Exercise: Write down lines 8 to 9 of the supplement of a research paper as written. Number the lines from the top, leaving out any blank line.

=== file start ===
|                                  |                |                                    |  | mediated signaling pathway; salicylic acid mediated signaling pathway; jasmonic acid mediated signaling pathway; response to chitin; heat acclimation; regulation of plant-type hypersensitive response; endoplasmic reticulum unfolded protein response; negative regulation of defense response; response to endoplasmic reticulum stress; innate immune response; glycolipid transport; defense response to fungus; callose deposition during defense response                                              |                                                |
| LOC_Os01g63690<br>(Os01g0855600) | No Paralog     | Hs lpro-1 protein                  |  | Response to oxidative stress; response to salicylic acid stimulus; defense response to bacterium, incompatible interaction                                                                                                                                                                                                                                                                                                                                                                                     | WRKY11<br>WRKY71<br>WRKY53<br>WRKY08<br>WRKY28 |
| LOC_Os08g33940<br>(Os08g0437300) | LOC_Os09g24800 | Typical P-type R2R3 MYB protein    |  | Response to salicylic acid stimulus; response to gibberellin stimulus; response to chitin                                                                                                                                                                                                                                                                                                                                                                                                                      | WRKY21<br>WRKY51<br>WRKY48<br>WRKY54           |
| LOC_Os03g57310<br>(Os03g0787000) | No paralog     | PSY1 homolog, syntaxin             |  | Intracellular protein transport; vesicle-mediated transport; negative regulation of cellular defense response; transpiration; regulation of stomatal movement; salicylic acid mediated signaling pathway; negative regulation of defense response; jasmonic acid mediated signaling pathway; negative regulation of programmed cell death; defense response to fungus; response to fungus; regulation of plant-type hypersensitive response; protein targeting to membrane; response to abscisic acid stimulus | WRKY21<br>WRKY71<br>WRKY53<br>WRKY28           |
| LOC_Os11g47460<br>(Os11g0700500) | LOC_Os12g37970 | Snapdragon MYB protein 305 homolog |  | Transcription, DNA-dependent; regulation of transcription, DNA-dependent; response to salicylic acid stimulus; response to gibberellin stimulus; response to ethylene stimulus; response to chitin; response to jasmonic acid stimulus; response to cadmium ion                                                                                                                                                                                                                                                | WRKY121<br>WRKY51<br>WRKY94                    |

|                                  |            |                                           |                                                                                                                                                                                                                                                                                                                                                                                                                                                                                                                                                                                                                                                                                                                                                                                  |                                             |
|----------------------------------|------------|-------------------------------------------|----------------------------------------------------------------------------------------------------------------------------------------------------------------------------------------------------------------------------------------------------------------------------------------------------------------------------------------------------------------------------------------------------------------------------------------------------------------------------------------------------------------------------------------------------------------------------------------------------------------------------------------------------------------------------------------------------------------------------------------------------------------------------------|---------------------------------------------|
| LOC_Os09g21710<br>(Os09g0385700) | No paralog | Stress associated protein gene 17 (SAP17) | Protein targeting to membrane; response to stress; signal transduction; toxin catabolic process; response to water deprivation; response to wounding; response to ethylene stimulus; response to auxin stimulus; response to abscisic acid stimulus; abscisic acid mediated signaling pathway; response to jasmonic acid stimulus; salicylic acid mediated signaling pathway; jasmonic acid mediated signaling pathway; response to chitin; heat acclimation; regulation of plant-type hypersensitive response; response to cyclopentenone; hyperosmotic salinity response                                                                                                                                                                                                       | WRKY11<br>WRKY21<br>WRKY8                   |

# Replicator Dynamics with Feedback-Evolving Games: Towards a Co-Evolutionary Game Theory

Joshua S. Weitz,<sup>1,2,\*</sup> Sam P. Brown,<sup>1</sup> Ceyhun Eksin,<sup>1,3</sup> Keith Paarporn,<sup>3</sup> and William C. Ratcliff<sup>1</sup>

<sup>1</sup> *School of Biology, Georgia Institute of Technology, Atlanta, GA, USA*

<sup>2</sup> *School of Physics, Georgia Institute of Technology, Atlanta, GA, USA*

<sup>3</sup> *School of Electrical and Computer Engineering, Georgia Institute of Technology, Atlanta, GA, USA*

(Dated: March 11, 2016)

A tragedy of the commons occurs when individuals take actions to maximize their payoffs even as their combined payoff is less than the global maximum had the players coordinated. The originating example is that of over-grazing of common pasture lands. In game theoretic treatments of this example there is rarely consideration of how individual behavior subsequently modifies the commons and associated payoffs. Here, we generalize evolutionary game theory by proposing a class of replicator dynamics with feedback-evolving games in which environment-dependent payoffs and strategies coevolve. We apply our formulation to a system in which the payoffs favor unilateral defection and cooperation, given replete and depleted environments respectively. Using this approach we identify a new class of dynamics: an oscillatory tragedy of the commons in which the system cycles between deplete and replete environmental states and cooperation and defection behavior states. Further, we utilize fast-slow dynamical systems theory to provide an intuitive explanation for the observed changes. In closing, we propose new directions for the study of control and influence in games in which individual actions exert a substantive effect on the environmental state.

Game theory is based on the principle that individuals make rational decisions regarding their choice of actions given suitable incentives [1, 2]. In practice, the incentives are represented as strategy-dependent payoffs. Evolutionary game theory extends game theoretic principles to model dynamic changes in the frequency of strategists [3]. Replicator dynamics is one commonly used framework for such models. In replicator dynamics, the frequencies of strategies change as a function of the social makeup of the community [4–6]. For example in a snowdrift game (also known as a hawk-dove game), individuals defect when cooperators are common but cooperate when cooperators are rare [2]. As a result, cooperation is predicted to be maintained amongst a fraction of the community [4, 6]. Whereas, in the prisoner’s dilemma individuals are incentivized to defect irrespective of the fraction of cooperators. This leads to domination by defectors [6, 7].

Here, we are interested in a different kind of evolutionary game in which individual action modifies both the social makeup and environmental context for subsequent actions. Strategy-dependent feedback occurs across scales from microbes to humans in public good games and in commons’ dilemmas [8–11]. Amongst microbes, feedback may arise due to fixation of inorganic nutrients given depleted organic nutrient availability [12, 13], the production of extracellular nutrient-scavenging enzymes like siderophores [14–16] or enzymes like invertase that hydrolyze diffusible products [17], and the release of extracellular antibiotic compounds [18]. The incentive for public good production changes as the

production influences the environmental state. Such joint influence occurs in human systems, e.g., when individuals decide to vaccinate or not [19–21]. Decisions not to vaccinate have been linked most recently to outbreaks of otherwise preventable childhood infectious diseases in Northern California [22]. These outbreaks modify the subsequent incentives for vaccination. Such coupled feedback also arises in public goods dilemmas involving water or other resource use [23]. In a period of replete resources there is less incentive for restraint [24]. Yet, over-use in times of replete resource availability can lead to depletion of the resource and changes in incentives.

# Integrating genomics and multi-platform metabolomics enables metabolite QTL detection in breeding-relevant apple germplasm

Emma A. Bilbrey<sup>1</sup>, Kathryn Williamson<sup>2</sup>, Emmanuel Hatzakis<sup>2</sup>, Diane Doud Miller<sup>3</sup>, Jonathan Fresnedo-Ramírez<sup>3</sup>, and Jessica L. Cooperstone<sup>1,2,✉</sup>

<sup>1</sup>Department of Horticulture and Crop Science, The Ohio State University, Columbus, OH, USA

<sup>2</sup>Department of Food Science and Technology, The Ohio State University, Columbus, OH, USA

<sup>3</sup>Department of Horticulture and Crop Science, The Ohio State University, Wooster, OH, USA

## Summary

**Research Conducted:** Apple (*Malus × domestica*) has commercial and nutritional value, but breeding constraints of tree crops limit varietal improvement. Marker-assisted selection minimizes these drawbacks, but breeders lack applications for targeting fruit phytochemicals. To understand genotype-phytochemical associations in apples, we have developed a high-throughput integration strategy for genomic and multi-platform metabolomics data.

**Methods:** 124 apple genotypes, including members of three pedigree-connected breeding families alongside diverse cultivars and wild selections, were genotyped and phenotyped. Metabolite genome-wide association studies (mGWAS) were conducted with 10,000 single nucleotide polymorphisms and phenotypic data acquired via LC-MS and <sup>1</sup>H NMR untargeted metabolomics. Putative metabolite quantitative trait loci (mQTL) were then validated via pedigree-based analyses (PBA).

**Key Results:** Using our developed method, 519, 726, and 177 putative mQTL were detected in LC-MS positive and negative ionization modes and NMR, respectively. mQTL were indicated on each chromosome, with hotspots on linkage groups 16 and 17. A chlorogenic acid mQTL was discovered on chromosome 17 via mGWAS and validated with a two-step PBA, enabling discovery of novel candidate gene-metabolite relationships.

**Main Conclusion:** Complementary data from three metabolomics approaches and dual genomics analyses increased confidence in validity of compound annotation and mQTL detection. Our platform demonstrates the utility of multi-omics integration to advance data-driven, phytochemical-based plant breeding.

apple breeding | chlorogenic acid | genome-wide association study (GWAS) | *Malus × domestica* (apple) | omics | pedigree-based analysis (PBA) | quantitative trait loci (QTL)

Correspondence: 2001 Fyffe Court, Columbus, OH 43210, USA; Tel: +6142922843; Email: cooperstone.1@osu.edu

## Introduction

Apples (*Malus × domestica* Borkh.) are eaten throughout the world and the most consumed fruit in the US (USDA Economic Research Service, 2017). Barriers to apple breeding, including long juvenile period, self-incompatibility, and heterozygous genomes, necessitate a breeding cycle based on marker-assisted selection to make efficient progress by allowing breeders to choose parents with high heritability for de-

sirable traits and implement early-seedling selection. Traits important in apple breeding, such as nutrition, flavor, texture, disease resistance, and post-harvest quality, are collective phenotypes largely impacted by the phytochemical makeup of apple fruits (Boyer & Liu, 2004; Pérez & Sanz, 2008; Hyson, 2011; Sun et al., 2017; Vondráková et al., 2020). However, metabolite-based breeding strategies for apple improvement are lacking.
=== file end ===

| LOC_Os09g21710<br>(Os09g0385700) | No paralog | Stress associated protein gene 17 (SAP17) | Protein targeting to membrane; response to stress; signal transduction; toxin catabolic process; response to water deprivation; response to wounding; response to ethylene stimulus; response to auxin stimulus; response to abscisic acid stimulus; abscisic acid mediated signaling pathway; response to jasmonic acid stimulus; salicylic acid mediated signaling pathway; jasmonic acid mediated signaling pathway; response to chitin; heat acclimation; regulation of plant-type hypersensitive response; response to cyclopentenone; hyperosmotic salinity response                                                                                                                                                                                                       | WRKY11<br>WRKY21<br>WRKY8                   |

# Replicator Dynamics with Feedback-Evolving Games: Towards a Co-Evolutionary Game Theory